But this is no ordinary junior mining company bouncing off the bottom in thin trading and hostile markets. On the contrary, this is an established producer and dividend payer, that has been operating successfully at its Blanket mine in southern Zimbabwe for several years. What’s more, the recent jump isn’t just a one-off – rather, it’s part of a long-standing trend that has seen the shares climb from a relatively lowly 454p 12 months ago and the even lower 192p level that they were trading at five years ago.
Indeed, the latest jump has taken Caledonia to a five year high, and sets it up nicely for the next stage in its development.
Because there is a strong case to be made that this is only just the start.
“Our long-standing expansion is nearly finished,” says Mark Learmonth, the company’s finance director.
“In January 2015 we started construction at the new central shaft, and since that time we’ve been digging this 4,000 foot hole in the ground in Zimbabwe that’s four times deeper than the Shard is tall.”
It’s a huge and complex undertaking for a relatively small company like Caledonia to be undertaking. Nevertheless, the whole process has been virtually glitch-free, thanks in large part to the technical expertise of chief operating officer Dana Roets.
“We finished digging the hole in July of 2019,” continues Learmonth and we are now busy filling it up with steel to make it a functioning shaft.”
The entire undertaking will be finished by January 2021, at which point Caledonia’s capital expenditure numbers will come down dramatically and free cash flow will increase exponentially.
That’s because the shaft will allow the company to boost production from the current 55,000 ounces a year to around 80,000 ounces going forward, a boost of around 40%. Operating costs, meanwhile, are expected to fall from the mid US$800s per ounce to the low US$700s, while fixed costs will be spread more widely.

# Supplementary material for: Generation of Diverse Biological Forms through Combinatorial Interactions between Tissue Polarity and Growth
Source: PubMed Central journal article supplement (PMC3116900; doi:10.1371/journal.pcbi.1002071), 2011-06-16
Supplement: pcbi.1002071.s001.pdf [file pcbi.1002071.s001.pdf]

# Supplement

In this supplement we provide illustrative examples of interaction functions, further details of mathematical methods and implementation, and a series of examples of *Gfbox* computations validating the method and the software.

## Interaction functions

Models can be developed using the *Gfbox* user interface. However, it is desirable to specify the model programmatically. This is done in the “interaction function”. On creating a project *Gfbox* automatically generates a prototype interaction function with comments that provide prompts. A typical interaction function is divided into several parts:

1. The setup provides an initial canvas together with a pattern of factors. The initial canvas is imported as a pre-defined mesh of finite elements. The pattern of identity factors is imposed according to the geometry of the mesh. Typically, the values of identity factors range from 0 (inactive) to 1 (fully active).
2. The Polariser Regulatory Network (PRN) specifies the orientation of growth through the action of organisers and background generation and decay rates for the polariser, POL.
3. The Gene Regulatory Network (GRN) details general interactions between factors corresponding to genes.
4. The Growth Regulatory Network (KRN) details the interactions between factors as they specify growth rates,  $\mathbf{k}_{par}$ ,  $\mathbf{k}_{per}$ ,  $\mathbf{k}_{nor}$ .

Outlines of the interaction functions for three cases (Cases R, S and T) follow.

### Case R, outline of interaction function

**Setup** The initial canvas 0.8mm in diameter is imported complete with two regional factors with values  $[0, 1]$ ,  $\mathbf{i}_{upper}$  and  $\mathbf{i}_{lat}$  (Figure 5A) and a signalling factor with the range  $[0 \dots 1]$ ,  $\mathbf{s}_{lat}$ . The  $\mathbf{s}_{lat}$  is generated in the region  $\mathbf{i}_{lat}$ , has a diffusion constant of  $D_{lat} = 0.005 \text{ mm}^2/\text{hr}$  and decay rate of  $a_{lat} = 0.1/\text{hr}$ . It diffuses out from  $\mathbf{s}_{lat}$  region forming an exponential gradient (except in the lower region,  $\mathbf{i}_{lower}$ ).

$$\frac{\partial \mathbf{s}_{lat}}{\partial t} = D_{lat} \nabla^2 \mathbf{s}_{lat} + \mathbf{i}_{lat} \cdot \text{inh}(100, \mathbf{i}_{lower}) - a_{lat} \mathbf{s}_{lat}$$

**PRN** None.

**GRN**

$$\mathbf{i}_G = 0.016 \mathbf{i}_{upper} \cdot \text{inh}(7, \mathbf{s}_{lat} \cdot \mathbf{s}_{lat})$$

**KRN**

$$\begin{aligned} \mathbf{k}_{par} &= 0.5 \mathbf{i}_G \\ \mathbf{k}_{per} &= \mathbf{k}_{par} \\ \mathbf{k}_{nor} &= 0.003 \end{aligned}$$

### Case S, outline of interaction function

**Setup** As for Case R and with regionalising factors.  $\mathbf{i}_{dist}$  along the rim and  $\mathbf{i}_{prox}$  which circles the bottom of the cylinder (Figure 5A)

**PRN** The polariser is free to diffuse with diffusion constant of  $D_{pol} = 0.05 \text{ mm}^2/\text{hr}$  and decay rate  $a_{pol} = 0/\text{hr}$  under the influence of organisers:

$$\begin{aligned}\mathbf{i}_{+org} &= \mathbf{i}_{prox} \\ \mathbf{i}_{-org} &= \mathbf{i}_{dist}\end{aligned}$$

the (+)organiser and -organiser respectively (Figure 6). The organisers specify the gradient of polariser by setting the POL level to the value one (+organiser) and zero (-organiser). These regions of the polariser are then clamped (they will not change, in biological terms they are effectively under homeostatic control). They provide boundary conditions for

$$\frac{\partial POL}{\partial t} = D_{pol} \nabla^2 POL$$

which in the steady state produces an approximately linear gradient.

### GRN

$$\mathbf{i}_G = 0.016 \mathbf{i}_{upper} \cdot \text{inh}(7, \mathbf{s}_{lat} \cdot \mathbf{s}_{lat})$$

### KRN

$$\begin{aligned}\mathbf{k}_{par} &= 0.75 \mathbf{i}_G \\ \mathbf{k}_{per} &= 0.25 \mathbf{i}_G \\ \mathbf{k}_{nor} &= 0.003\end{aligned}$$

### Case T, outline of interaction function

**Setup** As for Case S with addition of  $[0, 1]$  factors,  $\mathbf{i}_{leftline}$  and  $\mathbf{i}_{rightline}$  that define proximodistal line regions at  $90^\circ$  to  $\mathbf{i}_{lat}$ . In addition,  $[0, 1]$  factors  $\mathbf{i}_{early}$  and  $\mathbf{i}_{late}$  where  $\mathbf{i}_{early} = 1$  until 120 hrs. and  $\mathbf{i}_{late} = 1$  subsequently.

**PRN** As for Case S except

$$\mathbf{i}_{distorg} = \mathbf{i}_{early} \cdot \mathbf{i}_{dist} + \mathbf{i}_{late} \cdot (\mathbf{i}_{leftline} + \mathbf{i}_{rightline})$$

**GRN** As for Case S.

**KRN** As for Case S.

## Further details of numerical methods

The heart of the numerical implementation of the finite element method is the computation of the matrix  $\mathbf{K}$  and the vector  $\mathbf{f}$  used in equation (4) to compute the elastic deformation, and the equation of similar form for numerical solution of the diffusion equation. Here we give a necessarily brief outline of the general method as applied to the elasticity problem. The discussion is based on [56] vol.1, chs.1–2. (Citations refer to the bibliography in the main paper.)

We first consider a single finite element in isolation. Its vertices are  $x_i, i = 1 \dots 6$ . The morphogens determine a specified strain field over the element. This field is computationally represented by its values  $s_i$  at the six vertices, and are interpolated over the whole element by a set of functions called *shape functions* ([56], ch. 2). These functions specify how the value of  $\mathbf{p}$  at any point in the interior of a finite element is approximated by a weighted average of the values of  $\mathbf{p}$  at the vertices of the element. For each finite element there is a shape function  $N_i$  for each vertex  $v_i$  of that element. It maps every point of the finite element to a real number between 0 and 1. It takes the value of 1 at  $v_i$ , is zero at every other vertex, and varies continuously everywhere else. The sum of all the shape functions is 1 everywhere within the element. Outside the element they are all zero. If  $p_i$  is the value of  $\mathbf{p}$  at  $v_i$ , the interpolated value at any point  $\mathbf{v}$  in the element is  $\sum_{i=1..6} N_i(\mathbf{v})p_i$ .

What kind of re-rating will be generated as a consequence remains open to question, but given that the recent upward move was stimulated simply by a publicly stated improvement in the earnings outlook on the current 55,000 production level, one suspects that there may be plenty more interest in the market as earnings and margins go up next year, and costs come down.
All of which begs the obvious question: what will the company do with the extra cash it will be generating?
“We’ve been paying a dividend since 2012 and we absolutely understand the importance of paying a dividend given the environment in which we’re operating,” says Learmonth.
“But if we paid out every single dollar we earned we’d become ex-growth, and that might not sit well with investors since we’re mining a depleting asset. So we want the flexibility to increase the dividend at a faster or a slower rate depending on what else we’re doing.”
Over the years Caledonia has developed a deep well of in-country expertise in Zimbabwe, and it’s also attracted some high calibre mining industry professionals onto its board, including John McGloin, the former head of Amara Mining and Nick Clarke, the man behind the almost unparalleled success of Central Asia Metals (LON:CAML). Learmonth himself has been on board for many a year, while chief executive Steve Curtis has extensive experience of the business environment in Southern Africa.
All of which experience can be deployed into the search for new growth opportunities.
“We can comfortably increase the dividend and invest in early stage new projects,” says Learmonth.
“The new projects will be in Zimbabwe, which remains a very underexplored gold jurisdiction. But we won’t be looking at buying any big existing gold operation. Most of those assets require significant recapitalisation. Our approach is to get our hands on brownfields projects explored historically by the likes of Anglo American (LON:AAL) or Falconbridge, and then over the course of two years identify a resource base. It will take at least two million ounces will get us excited, although some of the stuff we’re looking at is potentially bigger.”
It’ll be relatively slow work, and won’t provide explosive growth. But then, Caledonia has time. The mine life at Blanket goes out to 2034 and there may even be significant resource left after that. Meanwhile, the outlook for gold remains distinctly positive.
The price has already touched US$1,580, and with the ongoing uncertainties around US politics, the coronavirus, the Middle East and a host of other imponderables, gold is likely to remain much in demand as the safe haven asset of choice.
So Caledonia is set up nicely. Growth in the near-term is assured, longer-term growth is underwritten, and investors are already beginning to show their appreciation. It’s a pattern that seems likely to be repeated in the future.